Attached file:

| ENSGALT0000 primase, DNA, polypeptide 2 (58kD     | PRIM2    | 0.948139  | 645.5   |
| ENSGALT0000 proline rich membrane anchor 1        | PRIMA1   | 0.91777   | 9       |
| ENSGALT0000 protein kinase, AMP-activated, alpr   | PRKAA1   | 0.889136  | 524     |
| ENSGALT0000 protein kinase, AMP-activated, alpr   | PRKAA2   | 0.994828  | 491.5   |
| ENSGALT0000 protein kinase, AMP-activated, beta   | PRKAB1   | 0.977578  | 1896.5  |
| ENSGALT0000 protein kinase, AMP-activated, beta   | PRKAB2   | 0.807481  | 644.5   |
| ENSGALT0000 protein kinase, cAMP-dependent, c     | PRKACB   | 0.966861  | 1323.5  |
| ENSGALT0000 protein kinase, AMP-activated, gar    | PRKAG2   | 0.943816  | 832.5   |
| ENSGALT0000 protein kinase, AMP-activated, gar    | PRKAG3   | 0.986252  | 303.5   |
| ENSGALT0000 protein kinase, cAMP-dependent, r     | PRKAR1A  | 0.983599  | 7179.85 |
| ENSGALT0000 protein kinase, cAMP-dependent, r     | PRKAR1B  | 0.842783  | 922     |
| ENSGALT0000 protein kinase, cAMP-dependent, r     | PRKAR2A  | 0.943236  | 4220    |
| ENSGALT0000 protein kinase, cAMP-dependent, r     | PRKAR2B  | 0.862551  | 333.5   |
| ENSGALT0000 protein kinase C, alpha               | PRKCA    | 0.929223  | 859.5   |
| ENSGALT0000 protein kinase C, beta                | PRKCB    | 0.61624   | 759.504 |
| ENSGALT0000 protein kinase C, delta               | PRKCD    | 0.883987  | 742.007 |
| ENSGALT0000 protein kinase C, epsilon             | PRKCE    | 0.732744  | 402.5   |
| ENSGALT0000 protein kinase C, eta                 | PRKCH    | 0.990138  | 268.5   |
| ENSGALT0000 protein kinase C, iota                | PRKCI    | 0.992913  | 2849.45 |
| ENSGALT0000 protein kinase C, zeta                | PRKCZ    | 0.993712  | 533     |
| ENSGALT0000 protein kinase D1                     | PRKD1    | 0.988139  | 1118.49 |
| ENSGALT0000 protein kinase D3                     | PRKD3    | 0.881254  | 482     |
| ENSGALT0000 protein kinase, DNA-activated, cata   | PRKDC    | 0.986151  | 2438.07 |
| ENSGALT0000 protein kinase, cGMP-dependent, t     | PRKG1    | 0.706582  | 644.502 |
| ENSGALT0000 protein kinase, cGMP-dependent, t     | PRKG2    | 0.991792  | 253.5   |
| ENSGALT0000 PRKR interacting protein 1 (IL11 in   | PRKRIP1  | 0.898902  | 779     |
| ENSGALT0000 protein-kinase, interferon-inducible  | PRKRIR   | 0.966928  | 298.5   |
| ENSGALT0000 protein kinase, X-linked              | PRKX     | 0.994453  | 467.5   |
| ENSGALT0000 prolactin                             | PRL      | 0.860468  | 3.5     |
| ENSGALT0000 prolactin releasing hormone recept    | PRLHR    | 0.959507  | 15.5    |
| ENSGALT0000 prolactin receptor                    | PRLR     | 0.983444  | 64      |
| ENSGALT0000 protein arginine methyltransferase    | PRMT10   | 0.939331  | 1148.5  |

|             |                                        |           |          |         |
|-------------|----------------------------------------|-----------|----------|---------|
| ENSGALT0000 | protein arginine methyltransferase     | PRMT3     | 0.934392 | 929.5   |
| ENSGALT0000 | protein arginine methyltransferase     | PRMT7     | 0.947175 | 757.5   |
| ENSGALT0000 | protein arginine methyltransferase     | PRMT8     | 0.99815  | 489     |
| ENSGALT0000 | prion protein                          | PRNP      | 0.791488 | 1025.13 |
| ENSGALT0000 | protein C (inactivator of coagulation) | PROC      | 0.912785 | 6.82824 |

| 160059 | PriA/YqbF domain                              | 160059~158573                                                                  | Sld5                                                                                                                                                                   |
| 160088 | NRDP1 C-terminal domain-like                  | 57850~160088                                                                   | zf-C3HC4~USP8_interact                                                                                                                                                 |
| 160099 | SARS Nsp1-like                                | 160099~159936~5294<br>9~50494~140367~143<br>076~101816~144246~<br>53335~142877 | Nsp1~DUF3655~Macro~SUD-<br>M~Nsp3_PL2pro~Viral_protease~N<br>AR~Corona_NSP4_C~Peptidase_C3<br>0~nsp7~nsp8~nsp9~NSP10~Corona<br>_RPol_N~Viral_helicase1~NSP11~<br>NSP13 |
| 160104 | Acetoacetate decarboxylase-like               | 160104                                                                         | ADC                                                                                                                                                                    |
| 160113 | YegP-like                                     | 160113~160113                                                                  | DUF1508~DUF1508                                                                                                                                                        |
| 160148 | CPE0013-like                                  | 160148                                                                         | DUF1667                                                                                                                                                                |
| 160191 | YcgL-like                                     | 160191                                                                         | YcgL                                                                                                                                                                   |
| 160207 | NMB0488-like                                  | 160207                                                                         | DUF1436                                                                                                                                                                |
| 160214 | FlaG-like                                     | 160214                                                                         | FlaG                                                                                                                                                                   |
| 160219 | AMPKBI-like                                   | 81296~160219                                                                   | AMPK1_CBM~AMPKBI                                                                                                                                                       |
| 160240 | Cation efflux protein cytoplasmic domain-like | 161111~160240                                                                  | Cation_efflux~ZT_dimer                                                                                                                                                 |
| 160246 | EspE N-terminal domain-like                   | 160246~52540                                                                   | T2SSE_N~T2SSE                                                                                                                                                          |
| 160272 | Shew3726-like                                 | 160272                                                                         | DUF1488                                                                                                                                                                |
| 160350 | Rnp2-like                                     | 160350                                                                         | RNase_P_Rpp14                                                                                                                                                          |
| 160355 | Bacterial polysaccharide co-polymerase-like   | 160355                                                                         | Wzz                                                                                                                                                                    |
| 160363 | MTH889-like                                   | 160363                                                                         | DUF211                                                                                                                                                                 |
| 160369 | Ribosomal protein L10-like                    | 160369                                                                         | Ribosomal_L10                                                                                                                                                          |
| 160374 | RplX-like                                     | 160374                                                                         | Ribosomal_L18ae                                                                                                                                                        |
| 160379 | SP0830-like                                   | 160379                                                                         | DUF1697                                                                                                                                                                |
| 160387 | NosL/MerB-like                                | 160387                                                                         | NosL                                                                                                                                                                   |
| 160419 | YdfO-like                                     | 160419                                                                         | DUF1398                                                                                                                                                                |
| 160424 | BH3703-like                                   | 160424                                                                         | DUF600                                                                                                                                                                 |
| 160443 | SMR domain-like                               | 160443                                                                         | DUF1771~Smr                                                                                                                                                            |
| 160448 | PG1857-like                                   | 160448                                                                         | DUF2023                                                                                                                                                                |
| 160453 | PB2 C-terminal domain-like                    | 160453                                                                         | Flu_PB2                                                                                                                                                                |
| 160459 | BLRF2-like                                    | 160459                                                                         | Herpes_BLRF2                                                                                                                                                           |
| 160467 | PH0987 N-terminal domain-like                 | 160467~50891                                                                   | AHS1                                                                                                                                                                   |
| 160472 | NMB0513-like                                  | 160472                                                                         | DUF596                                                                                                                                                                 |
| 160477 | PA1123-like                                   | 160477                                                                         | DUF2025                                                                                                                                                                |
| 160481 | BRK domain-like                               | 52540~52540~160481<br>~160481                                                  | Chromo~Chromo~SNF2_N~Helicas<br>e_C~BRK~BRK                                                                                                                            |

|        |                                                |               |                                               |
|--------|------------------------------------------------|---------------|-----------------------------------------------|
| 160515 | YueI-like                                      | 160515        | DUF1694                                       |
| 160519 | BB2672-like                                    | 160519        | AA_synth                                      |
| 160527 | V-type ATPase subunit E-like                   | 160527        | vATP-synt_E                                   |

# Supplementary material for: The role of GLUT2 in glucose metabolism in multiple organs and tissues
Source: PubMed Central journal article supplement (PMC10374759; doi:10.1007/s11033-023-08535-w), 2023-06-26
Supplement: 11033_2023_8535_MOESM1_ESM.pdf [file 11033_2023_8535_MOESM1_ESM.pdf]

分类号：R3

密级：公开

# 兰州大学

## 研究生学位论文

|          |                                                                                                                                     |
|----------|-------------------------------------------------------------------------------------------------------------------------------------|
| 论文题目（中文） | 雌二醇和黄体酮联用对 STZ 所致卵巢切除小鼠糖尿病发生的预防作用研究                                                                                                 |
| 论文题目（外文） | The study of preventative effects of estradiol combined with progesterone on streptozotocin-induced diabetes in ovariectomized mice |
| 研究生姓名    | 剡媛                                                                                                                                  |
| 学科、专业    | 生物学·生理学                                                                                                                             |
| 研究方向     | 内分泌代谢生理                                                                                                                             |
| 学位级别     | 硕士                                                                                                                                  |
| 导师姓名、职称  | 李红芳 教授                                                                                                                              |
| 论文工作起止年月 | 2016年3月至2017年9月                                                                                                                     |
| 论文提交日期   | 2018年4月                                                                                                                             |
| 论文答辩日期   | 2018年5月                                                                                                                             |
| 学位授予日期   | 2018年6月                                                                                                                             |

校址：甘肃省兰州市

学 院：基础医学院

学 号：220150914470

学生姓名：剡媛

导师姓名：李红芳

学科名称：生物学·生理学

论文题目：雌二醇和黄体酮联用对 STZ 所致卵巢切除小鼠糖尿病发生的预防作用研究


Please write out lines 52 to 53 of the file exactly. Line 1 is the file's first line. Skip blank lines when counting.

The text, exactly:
| 160272 | Shew3726-like                                 | 160272                                                                         | DUF1488                                                                                                                                                                |
| 160350 | Rnp2-like                                     | 160350                                                                         | RNase_P_Rpp14                                                                                                                                                          |